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Darwin’s ‘yard apes’

A deadly hurricane exposes an even deadlier philosophy


After the destructive 2005 Hurricane Katrina in the southern USA, many evacuees from the devastated city of New Orleans sought refuge in other cities. Most were African-American. An official of the Greenville Technical College twice referred to these recent arrivals in Greenville (South Carolina) as ‘yard apes’. The college immediately removed the offending employee. ‘She’s not a member of this institution today,’ said Greenville Tech President Tom Barton.

As we might expect, there was outrage at the comments—and rightly so. How can someone in the twenty-first century believe such nonsense? School officials and representatives from the NAACP1 should dig a little deeper into the curriculum of the public school system that they blindly support. There they will find scientific ‘justification’ for the ‘yard ape’ designation for blacks—in the writings of Charles Darwin.

Consider the subtitle to Charles Darwin’s On the Origin of Species by Means of Natural Selection. It reads: Or the Preservation of Favoured Races in the Struggle for Life. Darwin’s supporters claim that his use of the word ‘races’ was meant to describe subspecies of animals. To a certain degree, this is correct. But what did Darwin mean by this, and what if Darwin thought of non-whites as an animal ‘race’ or ‘subspecies’? In The Descent of Man, Darwin wrote:

‘At some future period, not very distant as measured by centuries, the civilized races of man will almost certainly exterminate, and replace, the savage races throughout the world. At the same time the anthropomorphous apes [that is, the ones which allegedly look like people] … will no doubt be exterminated. The break between man and his nearest allies will then be wider, for it will intervene between man in a more civilized state, as we may hope, even than the Caucasian, and some ape as low as a baboon, instead of as now between the negro or Australian [Aboriginal] and the gorilla’ [emphasis added].2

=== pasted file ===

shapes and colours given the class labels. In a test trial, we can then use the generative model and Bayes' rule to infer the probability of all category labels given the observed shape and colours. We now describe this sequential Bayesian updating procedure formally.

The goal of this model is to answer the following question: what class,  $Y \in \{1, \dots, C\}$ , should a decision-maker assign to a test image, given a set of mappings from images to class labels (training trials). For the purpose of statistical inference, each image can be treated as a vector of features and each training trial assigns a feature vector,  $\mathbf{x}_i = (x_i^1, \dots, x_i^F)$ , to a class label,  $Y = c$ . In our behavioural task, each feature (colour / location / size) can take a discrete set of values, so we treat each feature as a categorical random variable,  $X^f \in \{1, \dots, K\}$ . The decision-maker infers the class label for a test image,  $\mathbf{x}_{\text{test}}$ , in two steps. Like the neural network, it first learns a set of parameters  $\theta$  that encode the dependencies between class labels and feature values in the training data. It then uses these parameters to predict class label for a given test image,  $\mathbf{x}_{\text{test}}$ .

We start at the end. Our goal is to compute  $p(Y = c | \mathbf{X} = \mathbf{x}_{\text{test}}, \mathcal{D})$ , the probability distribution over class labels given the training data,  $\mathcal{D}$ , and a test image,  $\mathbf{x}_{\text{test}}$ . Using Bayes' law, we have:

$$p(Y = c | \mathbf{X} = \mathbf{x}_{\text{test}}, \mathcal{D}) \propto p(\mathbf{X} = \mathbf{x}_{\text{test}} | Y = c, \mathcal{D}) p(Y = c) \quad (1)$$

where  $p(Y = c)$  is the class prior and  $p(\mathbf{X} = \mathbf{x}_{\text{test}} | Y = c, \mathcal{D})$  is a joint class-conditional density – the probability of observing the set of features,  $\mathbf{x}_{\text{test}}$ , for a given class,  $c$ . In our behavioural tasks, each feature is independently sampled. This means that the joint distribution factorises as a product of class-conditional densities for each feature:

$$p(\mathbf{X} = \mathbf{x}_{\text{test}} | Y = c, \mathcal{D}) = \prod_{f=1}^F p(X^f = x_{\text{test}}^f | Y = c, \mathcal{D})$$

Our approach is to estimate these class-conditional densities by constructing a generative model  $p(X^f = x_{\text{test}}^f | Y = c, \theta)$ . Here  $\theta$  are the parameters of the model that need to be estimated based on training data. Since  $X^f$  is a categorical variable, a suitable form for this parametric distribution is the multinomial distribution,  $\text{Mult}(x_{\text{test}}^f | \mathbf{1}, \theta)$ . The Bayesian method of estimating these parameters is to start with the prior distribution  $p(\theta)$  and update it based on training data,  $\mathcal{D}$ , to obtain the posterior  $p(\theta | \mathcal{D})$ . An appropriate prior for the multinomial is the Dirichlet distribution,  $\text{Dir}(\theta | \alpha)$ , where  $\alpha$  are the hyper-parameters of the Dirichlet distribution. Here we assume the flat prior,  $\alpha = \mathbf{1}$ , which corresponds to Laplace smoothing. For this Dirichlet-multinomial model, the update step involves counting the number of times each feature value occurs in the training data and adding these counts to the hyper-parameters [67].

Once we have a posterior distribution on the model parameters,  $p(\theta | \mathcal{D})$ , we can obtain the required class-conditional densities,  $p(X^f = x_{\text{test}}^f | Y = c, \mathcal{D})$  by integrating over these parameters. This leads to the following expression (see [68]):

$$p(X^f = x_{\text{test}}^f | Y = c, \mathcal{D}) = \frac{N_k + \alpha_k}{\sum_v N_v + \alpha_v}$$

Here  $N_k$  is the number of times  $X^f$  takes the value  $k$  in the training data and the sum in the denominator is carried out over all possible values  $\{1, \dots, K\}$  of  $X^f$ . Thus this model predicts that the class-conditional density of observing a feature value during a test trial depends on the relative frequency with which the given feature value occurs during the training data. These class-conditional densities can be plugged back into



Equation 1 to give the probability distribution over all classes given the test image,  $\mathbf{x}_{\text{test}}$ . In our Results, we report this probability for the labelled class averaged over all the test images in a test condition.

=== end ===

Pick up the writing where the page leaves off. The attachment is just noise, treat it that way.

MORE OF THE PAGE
Darwin believed that the various races were at different evolutionary levels

Darwin believed that the various races were at different evolutionary levels, all distant from the apes, with ‘Blacks’ lower and ‘whites’ (Caucasians/Europeans) at the top.

Thomas H. Huxley, an ardent defender of Darwin who garnered the nickname ‘Darwin’s Bulldog’, wrote that ‘No rational man, cognizant of the facts, believes that the average negro is the equal, still less the superior, of the white man.’ Huxley described whites as ‘bigger-brained and smaller-jawed.’3

Richard Hofstadter, in Social Darwinism in American Thought, demonstrated that ‘Darwinism was one of the chief sources of racism and of a belligerent ideology which characterized the last half of the 19th century in Europe and America …’.4 Benjamin Wiker comments that according to Darwin, ‘the European race, following the inevitable laws of natural selection, will emerge as the distinct species, human being, and all the transitional forms—such as the gorilla, chimpanzee, Negro, Australian aborigine and so on—will be extinct.’5 Of course, Darwinism did not lay the groundwork for racism itself. Racism has been around a long time. But Darwinism made it seem plausibly scientific.

It’s good to see that Greenville Technical College did some house cleaning. Now it’s time to take a serious look at the entire system that promotes the scientific theory that can be used to justify racism. As Scott Bell argues in The Darwin Conspiracy, ‘If we are all biological accidents, [which Darwinism teaches] why shouldn’t the white accidents own and sell the black accidents?’6

References and notes

  1. The National Association for the Advancement of Coloured People (a US organization). Return to text.
  2. Darwin, C., The Descent of Man, 2nd ed., John Murray, London, p. 156, 1887. Return to text.
  3. Thomas H. Huxley, Lay Sermons, Addresses and Reviews, Appleton, New York, USA, p. 20, 1871. Quoted in Morris, The Long War Against God, Baker Book House, Michigan, USA, p. 60, 1990. Return to text.
  4. Surburg, R.F., ‘The Influence of Darwinism,’ in Darwin, Evolution, and Creation, ed. Paul A. Zimmerman, Concordia, Missouri, USA, p. 196, 1959. Return to text.
  5. Wiker, B., Moral Darwinism: How We Became Hedonists, InterVarsity Press, Illinois, USA, p. 250, 2002. Return to text.
  6. Bell, J.S., The Darwin Conspiracy, Vision House, Oregon, p. 64, 1995. Return to text.
Adapted from an article on www.AmericanVision.org and used by permission.

(Availble in Punjabi and Urdu)

First published: 28 May 2007
Re-featured on homepage: 8 July 2009